highlights Krishna Kumar, and acerbically quipped that this was not even
like a PhD thesis.

“Why hasn’t this new committee shown what work the other committees have
done? Why hasn’t it taken stock of what has happened in these years and
improved or suggested alternatives? This new draft policy isn’t taking the
conversation forward at all. This draft goes back to 1993,” explains
Apoorvanand.

“In the introduction, the draft pans to the nationalist narrative of the
government. This government itself is a hindrance to education. We know
what will happen to education, committee or no committee. This doesn’t read
like the report to improve the education of the nation,” emphasises
Apoorvanand.

The draft mentions the exalted status of Sanskrit, highlighting that it was
a great repository of knowledge pertaining to numerous subjects including
science, mathematics, medicine, mathematics, law, economics, politics. It
suggests that Sanskrit will be integrated with literature and mathematics,
suggesting the inclusion of Vedic maths, which isn’t maths, says Anita
Rampal, DU professor and faculty member of department of elementary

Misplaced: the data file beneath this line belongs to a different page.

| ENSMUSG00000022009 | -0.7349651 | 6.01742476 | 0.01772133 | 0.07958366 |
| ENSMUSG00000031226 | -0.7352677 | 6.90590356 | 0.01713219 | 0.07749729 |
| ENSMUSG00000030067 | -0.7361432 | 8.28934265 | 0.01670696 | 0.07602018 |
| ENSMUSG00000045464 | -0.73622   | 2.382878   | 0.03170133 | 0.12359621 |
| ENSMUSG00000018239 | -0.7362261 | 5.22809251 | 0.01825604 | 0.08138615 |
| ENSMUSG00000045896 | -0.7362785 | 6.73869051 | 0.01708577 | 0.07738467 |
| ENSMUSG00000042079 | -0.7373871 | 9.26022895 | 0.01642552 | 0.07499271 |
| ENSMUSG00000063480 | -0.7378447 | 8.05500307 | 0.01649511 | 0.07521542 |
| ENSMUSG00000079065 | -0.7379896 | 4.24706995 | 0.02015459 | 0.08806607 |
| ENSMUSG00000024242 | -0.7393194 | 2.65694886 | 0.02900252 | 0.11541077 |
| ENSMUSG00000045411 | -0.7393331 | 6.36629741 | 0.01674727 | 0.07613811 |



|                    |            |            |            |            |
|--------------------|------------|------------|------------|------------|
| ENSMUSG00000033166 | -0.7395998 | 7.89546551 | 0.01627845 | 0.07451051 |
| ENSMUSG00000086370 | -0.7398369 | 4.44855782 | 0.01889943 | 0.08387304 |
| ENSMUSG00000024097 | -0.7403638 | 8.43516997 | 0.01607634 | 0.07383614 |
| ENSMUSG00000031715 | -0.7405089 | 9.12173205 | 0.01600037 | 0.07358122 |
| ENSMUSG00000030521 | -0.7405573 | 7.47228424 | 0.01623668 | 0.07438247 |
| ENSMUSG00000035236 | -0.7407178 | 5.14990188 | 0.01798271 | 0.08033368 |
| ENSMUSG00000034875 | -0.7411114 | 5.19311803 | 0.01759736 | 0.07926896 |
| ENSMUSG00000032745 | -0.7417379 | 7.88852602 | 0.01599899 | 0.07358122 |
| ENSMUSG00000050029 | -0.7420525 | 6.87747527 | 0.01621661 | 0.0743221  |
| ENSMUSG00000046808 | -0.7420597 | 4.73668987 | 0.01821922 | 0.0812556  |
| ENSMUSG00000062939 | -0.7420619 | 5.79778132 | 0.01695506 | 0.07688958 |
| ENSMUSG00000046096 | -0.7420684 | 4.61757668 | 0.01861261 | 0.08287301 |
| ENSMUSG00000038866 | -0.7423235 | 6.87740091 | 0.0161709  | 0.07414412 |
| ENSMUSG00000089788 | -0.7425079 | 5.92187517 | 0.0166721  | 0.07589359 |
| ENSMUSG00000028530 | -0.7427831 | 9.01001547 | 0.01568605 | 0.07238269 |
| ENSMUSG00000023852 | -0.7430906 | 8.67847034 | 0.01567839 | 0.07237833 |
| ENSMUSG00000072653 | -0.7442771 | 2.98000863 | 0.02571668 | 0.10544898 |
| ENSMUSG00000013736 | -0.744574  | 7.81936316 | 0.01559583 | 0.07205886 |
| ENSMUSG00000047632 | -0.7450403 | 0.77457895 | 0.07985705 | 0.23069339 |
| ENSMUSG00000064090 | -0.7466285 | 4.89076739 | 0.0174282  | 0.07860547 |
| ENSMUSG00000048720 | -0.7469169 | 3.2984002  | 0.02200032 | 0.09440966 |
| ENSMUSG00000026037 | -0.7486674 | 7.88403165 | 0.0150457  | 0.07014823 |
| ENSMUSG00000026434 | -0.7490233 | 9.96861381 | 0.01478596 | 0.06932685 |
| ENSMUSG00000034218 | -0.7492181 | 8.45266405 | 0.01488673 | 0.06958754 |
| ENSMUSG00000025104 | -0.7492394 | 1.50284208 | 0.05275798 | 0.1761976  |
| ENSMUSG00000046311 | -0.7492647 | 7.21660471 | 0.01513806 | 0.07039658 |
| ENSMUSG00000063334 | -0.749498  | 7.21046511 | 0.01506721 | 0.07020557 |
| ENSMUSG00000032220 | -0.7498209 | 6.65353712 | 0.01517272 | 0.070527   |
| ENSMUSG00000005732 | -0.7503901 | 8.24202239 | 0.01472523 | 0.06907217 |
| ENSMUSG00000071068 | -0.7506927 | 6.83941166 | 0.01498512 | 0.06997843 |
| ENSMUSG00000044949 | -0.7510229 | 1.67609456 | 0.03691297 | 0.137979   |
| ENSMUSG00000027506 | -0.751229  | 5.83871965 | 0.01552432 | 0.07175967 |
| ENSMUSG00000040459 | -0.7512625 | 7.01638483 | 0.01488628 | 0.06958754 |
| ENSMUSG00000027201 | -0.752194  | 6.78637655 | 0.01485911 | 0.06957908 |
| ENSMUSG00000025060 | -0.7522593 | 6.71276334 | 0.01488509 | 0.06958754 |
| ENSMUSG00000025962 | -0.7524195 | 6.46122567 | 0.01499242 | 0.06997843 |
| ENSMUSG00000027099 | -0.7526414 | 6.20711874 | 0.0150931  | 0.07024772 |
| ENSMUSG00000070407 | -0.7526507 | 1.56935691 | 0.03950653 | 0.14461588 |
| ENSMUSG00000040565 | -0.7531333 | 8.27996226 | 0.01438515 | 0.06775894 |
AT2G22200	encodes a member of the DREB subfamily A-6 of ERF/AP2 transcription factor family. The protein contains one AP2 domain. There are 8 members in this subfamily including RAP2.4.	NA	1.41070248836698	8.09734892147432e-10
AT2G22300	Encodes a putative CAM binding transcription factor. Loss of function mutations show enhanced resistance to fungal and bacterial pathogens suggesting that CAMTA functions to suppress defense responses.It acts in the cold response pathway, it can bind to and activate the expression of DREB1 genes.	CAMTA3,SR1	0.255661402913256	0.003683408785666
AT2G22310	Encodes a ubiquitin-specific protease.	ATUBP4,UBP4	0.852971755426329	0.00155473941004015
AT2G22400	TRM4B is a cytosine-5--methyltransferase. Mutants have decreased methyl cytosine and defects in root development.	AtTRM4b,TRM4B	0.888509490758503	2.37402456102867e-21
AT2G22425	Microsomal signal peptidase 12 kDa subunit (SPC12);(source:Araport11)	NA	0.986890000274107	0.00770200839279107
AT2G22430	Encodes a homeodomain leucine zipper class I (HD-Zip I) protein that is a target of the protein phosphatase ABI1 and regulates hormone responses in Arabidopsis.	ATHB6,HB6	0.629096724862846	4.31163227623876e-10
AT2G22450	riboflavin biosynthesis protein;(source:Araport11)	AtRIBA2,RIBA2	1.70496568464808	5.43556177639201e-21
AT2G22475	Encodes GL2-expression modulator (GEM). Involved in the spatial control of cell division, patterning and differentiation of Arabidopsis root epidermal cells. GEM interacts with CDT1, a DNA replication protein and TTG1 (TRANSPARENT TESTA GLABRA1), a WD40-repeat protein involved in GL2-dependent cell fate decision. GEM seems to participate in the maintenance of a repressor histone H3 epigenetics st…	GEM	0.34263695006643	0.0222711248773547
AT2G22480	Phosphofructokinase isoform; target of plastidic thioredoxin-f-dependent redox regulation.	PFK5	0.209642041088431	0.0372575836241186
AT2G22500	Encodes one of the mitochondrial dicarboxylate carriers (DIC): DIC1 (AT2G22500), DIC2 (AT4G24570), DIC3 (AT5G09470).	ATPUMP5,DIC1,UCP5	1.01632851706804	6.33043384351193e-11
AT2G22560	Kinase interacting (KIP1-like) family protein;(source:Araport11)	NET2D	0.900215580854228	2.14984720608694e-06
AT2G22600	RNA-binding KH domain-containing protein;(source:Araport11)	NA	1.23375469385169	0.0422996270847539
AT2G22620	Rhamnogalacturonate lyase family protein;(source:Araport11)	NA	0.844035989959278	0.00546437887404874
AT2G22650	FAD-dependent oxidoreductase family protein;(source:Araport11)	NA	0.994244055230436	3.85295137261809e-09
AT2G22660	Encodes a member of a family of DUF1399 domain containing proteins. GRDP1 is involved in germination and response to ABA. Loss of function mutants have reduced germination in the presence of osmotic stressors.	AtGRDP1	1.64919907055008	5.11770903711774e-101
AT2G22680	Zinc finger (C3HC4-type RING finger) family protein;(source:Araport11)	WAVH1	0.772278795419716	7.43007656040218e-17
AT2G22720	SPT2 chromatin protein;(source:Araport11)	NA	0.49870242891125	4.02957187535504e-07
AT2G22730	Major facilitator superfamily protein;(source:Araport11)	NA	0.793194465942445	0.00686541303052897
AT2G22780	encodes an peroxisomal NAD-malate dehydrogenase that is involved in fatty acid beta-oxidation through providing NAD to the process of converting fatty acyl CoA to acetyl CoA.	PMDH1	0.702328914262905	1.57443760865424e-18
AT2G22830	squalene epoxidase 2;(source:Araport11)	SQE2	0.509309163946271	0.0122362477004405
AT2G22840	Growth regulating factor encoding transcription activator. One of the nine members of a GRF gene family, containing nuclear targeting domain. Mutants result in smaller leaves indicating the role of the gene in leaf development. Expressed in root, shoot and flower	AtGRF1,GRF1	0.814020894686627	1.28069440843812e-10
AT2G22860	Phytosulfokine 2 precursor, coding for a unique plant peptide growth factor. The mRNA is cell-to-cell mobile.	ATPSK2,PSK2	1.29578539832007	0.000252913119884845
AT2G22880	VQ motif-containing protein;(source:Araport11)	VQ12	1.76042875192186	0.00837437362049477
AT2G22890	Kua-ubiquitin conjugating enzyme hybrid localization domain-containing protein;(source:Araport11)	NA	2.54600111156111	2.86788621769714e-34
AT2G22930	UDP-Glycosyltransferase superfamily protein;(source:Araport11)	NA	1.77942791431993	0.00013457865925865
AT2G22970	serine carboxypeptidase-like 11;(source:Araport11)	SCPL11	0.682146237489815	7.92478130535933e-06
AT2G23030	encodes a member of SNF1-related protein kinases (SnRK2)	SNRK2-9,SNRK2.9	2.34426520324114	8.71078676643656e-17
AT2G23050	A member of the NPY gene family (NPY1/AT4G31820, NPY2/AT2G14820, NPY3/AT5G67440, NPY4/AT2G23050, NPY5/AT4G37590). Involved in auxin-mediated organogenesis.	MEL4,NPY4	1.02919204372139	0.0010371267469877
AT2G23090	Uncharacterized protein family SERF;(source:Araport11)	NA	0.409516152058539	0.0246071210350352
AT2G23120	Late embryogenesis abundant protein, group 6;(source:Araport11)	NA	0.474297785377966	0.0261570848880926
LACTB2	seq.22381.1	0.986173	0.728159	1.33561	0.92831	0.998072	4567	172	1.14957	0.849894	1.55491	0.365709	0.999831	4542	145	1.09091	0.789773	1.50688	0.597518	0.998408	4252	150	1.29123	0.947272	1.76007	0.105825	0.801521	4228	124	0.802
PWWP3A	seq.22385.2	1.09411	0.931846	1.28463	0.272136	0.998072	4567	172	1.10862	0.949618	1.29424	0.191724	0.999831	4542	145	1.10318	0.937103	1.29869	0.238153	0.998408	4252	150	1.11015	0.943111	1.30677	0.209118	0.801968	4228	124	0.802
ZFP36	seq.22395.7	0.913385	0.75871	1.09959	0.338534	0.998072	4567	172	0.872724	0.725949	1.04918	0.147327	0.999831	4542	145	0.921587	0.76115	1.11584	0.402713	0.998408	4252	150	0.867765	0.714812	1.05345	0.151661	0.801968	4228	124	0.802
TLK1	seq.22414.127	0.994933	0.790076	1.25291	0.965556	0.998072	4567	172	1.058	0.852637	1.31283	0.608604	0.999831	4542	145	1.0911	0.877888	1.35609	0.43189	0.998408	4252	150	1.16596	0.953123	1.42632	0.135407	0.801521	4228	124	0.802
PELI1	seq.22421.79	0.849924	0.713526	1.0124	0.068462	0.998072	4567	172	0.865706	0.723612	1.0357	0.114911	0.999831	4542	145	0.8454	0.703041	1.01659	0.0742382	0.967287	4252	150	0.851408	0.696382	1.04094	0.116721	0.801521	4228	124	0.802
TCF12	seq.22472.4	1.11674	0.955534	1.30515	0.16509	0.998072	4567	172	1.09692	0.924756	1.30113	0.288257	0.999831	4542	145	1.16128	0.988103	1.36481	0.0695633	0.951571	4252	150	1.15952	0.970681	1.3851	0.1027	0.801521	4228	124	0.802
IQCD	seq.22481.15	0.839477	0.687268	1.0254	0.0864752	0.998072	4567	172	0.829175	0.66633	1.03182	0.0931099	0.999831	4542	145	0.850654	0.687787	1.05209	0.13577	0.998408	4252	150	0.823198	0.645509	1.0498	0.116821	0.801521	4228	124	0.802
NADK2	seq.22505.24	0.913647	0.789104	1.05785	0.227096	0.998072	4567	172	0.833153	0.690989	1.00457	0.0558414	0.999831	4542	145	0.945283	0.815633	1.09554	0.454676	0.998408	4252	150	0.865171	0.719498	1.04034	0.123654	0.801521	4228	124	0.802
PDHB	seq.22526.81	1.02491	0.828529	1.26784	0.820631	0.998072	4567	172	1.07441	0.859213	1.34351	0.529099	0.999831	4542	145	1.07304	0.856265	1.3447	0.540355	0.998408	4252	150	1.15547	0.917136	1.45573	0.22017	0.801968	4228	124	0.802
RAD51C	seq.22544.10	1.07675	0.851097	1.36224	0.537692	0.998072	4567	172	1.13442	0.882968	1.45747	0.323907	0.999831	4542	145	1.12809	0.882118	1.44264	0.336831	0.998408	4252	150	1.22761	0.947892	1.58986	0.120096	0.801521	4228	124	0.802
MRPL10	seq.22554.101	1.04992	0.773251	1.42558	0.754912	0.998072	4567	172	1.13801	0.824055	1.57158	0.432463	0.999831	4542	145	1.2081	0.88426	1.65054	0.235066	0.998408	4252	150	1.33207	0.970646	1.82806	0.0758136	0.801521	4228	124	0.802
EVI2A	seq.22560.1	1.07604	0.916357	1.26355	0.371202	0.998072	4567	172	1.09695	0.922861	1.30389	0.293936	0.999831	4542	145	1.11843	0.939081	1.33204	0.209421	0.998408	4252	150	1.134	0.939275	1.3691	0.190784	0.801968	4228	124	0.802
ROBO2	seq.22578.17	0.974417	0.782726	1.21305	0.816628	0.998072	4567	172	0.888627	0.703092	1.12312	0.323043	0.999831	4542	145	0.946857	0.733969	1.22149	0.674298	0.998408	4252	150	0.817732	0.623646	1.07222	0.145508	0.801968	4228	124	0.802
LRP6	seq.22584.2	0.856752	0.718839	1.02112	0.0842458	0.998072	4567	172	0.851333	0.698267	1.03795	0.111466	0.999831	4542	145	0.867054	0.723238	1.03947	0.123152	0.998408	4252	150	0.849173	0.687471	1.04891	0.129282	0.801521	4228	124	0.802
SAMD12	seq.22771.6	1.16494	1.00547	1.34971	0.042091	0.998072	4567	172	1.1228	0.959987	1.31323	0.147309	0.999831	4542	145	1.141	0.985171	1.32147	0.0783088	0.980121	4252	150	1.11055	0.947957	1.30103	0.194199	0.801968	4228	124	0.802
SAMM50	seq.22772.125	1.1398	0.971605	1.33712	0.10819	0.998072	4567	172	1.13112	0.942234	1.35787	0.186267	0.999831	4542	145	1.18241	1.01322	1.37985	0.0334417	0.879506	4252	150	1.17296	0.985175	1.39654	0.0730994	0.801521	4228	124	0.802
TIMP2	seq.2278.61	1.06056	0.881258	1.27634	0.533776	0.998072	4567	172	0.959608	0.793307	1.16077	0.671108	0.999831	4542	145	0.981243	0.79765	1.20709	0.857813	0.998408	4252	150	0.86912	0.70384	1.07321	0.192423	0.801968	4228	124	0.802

education.

“National Curriculum Framework had a focus on making education inclusive,
more rooted in children’s cultural contexts and basing it on children’s
construction of knowledge. This would bring in experience, recognise that
children come from diverse and unequal backgrounds and also highlight the
need for differently paced teaching and learning of mixed ability
classrooms. Now the focus is too much on standardised assessment and
learning 'outcomes', which is problematic, because you then forget the
provisions and the process on which learning depends, and put the onus only
on the child,” asserts Rampal.

“There is now an emphasis on 'census' testing both at the state and Centre
level – in Class III, V and VIII. When you do that you are not focusing on
children coming from diverse backgrounds. You are trying to centralise
everything and make it uniform. This doesn’t provide for a nurturing
environment especially to those from poorer backgrounds. This is worrying
as it pressurises teachers only to 'teach to the test'. There is little in
the draft which points towards inclusion and equity,” contends Rampal

The Kasturirangan NEP has stated that the Right To Education Act will be
reviewed and amended, but they have suggested that it will be to
incorporate improvements on the basis of the “learnings gained since it was
enacted”. What those learnings are, the draft doesn’t mention.

However, this draft looks at extending the RTE Act to include the secondary